There is something magical about Irish music played on the flute. Naturally, many styles of playing have developed over the decades – the breathy styles of Leitrim, the bouncy Belfast sounds and the smooth fluid style of East Galway. OAIM presents basic courses for the complete beginner given by Steph Geremia and Kirsten Allstaff. You can then expand your repertoire with Majella Bartley’s Fleadh Tunes for the Flute, or challenge yourself with the technical wizardry of Lunasa’s Kevin Crawford and the idiosyncratic Niall Keegan! Or focus on reels with our bumper course from Kirsten Allstaff. We even have a course focused on playing Irish music on the silver flute with Steph Geremia, so there truly is something for everyone. Scroll down to see the wonderful choice of flute courses.

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Flute Frequently Asked Questions

Is the fingering on a flute the same as a tin whistle?
Yes, the fingering doesn’t change except for some harmonic notes and cross-fingerings which are not essential.
Do you need to have keys on the flute?

I’d say that 90% of Irish music doesn’t need keys to play. Most of the tunes are in G Major, A Mixolydian, A Dorian, E minor, D Major, B Minor. For the occasional A Major tune or D minor (Us flute players tend to avoid these anyways), half holing is an option.

However, if you really want to get keys – here is the order you should get them in – from most used to least used:

Long F natural
Short F natural
C natural (although there is a crossed finger version of this. The keyed version is a bit better intonation)
G sharp
B flat
E flat

Two F natural keys are necessary – depending on the musical passage, for example if the next note after the F natural is a D, it’s impossible to use the short one first.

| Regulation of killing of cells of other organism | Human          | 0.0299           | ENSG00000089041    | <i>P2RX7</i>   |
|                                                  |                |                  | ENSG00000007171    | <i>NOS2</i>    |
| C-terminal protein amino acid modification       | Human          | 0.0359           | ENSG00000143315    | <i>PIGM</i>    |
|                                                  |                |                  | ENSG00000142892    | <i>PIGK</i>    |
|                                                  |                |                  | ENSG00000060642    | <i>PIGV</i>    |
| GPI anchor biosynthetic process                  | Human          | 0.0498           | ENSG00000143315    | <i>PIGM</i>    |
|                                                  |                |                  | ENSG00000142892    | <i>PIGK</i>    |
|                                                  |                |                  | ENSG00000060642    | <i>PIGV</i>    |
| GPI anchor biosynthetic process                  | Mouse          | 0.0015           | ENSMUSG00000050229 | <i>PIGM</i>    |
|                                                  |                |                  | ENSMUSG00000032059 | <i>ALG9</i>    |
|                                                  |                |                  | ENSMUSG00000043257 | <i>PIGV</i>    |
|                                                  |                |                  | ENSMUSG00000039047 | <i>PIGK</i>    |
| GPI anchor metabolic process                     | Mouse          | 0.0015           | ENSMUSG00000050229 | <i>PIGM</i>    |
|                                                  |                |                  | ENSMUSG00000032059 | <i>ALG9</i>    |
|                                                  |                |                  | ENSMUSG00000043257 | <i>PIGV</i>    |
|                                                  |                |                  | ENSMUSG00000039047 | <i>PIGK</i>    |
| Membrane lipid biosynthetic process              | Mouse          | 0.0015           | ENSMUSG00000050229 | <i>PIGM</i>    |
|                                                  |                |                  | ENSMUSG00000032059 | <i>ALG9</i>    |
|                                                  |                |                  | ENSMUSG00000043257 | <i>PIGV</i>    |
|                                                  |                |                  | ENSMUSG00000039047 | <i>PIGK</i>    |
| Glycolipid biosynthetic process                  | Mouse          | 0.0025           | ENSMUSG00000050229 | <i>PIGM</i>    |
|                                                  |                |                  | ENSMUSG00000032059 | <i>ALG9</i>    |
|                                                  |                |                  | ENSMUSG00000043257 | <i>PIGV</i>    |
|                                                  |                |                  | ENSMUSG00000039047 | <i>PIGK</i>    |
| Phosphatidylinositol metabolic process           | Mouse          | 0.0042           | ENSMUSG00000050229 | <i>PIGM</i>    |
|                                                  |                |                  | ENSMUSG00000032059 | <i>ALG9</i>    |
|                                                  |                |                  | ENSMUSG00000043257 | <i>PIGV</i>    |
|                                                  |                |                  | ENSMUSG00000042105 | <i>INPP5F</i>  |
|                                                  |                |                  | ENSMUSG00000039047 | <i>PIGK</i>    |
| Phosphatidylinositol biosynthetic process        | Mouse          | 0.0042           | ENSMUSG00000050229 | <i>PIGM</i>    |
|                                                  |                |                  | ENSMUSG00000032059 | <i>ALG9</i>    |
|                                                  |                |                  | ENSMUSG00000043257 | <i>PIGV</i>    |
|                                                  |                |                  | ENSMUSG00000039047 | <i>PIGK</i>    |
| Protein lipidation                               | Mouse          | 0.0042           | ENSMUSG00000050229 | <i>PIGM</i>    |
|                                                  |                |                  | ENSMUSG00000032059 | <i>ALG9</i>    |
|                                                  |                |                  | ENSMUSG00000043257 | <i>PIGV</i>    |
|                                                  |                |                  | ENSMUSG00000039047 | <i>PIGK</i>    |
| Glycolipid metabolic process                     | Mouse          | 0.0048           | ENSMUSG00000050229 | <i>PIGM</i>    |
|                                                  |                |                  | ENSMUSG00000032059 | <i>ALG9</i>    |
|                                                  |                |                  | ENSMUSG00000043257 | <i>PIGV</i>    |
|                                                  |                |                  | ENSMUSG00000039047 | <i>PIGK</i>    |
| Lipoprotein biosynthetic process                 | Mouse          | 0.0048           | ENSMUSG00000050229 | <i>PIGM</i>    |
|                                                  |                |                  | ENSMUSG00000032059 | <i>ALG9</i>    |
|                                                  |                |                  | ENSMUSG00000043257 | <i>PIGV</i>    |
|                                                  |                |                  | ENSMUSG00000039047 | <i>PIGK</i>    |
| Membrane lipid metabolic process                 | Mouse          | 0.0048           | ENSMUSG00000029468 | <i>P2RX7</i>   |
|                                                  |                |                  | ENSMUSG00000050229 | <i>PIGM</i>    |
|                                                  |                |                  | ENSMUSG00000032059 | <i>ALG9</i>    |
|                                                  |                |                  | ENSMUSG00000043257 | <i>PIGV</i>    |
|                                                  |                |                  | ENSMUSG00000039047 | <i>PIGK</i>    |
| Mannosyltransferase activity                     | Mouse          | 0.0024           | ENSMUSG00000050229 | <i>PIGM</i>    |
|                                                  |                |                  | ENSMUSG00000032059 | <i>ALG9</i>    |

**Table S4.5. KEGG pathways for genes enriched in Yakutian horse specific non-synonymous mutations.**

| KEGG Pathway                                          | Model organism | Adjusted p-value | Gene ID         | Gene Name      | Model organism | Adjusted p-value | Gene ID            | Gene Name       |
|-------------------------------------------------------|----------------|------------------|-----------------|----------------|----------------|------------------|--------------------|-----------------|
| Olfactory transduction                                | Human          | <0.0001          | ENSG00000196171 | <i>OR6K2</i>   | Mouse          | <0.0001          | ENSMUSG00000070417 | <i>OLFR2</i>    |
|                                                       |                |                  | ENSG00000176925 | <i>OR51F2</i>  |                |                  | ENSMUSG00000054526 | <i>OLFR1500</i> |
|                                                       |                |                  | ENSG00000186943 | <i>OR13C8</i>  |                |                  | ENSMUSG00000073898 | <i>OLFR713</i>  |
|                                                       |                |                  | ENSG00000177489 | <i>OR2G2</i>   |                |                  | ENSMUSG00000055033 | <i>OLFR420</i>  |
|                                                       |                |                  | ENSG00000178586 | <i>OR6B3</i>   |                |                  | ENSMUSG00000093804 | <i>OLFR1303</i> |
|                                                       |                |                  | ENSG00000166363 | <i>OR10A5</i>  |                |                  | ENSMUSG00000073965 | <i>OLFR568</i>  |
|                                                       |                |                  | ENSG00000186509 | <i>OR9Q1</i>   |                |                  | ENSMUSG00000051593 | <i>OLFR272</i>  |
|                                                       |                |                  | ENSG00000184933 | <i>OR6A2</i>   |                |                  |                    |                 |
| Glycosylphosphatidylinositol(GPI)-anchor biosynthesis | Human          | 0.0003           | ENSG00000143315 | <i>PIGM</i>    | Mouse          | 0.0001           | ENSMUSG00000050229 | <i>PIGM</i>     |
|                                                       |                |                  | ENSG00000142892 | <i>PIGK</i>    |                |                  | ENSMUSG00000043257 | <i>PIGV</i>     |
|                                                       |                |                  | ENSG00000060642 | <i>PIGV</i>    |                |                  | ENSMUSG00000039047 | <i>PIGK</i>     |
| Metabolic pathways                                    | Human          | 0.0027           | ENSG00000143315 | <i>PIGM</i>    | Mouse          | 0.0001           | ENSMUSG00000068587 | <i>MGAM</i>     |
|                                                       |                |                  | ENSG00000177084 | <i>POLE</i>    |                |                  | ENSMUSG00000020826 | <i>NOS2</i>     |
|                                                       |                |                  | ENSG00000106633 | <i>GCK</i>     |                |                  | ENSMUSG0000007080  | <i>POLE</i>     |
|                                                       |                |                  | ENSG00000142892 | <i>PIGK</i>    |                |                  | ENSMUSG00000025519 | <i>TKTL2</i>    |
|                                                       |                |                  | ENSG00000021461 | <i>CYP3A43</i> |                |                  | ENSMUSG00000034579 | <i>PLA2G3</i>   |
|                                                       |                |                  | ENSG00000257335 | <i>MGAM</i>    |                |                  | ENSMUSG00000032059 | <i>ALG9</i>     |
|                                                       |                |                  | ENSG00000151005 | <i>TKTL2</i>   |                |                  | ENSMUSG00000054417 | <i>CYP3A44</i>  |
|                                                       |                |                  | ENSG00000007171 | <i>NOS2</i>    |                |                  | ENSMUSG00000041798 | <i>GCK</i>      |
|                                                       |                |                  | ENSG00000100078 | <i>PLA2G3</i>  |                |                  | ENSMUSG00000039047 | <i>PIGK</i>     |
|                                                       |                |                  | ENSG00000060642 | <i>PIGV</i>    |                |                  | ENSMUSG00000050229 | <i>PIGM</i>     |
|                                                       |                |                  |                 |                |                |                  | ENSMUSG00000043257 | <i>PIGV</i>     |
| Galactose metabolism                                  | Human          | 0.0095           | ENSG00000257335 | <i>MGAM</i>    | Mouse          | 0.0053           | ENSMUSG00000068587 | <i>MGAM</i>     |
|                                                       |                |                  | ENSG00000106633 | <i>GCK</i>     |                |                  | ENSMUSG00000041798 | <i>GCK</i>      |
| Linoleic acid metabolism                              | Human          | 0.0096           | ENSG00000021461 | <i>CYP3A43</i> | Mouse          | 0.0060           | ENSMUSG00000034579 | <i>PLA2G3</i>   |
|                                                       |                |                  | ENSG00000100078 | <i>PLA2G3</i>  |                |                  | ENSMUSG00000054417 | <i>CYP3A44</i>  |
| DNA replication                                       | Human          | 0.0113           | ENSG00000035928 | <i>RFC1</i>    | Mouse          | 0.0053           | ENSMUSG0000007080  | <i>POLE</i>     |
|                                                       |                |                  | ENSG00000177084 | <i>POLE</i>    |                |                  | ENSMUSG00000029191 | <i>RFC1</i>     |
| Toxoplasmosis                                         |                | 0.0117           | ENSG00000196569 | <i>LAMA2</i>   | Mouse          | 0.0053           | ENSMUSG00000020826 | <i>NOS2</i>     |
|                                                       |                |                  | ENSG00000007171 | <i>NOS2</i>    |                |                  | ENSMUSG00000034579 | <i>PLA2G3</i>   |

Kirsten

I often hear about flutes cracking. How do I avoid this?
Wooden flutes are very susceptible to changing temperatures (especially extreme heat and cold). As such, they need to be treated regularly in the early years with oils (linseed, almond). As the wood matures, there is less regular maintenance required but oiling should always be a routine measure. This keeps the wood in good condition to avoid cracking but, in any case, caution should always be taken when travelling to very hot or very cold climates.
Some older generation players used a pint of Guinness to fix cracks. Should I do the same?
Please don’t. In their endearing ignorance those musicians would spill Guinness into the instrument and, yes, it would seal the crack temporarily. However, once the Guinness had dried out of it, the crack would reappear even bigger. They would continue to use the same remedy without realising that, gradually, they were destroying their instrument beyond repair. The same applies for putting the flute into a sink of water.
I've been trying to get a tone for weeks and still nothing! Am I doomed?